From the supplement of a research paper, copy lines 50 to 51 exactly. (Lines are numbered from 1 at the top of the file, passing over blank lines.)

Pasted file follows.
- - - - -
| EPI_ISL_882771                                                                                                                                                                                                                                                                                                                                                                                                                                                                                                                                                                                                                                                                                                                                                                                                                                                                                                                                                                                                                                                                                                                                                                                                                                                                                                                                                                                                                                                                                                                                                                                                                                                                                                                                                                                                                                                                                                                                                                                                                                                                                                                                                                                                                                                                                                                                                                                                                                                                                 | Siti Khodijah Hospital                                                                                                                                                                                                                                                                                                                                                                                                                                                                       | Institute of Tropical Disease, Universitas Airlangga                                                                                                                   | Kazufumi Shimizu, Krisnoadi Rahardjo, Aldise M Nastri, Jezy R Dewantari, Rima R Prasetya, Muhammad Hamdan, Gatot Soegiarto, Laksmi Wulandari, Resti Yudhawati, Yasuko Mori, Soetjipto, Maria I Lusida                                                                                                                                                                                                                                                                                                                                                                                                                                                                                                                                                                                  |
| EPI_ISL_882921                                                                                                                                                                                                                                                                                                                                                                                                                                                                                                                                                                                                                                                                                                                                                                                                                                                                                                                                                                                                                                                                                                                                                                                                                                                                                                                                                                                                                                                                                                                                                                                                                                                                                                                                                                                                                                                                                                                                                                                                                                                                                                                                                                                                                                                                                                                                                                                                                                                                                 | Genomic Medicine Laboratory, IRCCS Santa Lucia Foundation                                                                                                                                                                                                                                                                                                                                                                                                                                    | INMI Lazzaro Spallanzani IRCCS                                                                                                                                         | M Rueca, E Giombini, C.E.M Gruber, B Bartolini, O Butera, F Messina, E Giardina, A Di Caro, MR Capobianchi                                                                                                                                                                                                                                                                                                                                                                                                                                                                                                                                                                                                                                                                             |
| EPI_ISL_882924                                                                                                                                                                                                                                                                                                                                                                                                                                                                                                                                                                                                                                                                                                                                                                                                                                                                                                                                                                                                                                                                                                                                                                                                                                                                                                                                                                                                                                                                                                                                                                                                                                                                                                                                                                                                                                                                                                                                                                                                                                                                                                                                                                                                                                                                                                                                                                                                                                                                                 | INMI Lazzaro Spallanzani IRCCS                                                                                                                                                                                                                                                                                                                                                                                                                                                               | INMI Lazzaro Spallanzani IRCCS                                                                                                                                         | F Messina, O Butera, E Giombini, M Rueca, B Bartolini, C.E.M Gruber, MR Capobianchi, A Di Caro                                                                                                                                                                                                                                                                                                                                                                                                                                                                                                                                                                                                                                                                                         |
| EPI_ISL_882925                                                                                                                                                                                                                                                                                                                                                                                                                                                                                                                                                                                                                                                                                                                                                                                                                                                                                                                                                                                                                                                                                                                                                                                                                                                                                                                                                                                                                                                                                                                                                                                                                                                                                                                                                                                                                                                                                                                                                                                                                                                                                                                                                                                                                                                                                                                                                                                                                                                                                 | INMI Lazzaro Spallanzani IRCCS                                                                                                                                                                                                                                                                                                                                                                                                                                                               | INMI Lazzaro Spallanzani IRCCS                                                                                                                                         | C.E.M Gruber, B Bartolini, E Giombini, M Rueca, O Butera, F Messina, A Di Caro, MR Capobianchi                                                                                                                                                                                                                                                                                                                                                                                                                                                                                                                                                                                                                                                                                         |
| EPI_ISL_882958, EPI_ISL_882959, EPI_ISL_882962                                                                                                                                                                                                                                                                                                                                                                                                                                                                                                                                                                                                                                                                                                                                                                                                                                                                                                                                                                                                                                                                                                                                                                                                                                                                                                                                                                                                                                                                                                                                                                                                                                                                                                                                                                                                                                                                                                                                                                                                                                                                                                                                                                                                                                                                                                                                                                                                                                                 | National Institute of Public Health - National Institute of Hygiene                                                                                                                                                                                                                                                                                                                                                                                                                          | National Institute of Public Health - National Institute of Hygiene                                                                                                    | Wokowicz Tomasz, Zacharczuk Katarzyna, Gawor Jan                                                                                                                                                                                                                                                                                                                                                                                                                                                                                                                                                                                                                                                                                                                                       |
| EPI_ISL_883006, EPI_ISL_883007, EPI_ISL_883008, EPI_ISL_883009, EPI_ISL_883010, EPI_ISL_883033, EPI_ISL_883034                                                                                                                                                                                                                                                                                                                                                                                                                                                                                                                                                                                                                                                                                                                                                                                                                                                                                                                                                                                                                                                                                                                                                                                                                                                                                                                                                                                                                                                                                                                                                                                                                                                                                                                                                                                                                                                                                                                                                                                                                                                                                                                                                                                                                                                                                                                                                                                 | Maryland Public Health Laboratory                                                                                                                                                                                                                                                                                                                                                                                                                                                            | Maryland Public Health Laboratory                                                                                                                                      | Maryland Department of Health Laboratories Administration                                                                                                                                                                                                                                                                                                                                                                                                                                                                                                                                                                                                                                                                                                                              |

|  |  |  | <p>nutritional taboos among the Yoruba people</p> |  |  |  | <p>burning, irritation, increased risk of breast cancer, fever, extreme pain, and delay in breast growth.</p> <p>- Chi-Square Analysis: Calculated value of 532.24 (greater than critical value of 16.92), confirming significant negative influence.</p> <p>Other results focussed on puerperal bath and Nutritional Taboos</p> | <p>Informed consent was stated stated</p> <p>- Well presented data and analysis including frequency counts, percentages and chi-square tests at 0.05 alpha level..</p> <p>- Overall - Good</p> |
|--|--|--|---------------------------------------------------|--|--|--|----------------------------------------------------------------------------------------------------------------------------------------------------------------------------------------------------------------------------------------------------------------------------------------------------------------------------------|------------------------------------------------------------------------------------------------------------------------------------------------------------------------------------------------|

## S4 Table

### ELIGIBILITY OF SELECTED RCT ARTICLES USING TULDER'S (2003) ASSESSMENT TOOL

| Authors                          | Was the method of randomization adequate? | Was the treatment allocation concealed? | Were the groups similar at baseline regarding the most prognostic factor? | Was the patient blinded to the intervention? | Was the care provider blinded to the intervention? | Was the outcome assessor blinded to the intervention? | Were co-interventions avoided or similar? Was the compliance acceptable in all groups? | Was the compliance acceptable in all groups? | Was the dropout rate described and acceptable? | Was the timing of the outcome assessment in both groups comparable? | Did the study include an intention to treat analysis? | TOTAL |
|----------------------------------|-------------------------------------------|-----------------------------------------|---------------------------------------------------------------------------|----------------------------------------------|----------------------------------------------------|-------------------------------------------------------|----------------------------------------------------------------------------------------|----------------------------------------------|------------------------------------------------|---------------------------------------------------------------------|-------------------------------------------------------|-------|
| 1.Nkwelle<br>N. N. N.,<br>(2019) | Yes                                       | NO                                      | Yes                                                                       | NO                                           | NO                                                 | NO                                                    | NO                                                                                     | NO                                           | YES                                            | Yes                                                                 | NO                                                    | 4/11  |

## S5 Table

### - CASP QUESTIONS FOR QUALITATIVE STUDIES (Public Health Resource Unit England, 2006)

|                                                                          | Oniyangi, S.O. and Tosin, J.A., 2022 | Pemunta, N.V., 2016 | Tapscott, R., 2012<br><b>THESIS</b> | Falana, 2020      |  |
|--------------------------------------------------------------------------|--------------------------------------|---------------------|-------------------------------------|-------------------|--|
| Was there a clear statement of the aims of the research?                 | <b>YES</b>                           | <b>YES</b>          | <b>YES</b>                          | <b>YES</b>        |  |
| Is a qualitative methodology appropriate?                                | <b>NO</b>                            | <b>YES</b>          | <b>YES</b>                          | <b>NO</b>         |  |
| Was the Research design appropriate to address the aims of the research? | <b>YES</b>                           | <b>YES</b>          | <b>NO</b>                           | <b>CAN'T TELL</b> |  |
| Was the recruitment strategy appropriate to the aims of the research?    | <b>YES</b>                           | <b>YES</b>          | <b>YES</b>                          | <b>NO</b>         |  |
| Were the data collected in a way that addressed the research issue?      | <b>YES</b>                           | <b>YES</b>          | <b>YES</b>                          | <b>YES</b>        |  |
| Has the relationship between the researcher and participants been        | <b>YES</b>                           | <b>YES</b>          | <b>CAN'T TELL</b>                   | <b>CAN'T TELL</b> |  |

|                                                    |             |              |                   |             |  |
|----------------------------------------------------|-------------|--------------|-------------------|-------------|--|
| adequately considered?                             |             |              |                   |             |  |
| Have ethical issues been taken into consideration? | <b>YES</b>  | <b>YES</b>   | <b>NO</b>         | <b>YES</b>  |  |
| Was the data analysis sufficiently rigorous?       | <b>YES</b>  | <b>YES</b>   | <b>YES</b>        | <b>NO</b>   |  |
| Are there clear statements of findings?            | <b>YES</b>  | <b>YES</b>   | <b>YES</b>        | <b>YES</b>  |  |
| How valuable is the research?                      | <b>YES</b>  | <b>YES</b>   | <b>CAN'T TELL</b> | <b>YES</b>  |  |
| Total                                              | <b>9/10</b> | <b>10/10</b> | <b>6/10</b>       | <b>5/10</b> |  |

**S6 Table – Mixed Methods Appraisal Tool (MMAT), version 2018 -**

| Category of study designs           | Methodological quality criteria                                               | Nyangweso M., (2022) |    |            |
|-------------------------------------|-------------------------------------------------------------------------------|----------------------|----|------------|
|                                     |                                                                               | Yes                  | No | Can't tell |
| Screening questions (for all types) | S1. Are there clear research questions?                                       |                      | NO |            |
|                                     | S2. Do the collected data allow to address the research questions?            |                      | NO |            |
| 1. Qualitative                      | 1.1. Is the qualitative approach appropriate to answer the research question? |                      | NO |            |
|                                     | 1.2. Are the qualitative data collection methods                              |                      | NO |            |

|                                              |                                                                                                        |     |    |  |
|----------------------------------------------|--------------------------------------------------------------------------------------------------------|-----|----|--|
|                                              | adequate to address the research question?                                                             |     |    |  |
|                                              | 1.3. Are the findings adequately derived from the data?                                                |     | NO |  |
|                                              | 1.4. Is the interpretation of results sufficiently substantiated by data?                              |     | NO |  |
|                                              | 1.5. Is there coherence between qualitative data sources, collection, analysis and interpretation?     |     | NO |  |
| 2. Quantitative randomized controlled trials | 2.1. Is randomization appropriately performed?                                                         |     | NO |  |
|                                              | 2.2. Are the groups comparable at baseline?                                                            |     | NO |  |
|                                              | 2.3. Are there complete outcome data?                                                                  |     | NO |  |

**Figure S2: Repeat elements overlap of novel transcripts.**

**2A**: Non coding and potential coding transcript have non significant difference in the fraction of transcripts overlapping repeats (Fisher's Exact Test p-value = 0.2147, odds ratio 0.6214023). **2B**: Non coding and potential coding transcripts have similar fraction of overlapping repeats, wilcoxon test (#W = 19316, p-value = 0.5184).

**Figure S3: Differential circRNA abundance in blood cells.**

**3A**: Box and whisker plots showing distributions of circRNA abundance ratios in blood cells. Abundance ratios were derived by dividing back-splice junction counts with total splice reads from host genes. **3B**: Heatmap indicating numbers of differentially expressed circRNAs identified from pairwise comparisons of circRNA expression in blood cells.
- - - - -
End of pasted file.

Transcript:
**2A**: Non coding and potential coding transcript have non significant difference in the fraction of transcripts overlapping repeats (Fisher's Exact Test p-value = 0.2147, odds ratio 0.6214023). **2B**: Non coding and potential coding transcripts have similar fraction of overlapping repeats, wilcoxon test (#W = 19316, p-value = 0.5184).

**Figure S3: Differential circRNA abundance in blood cells.**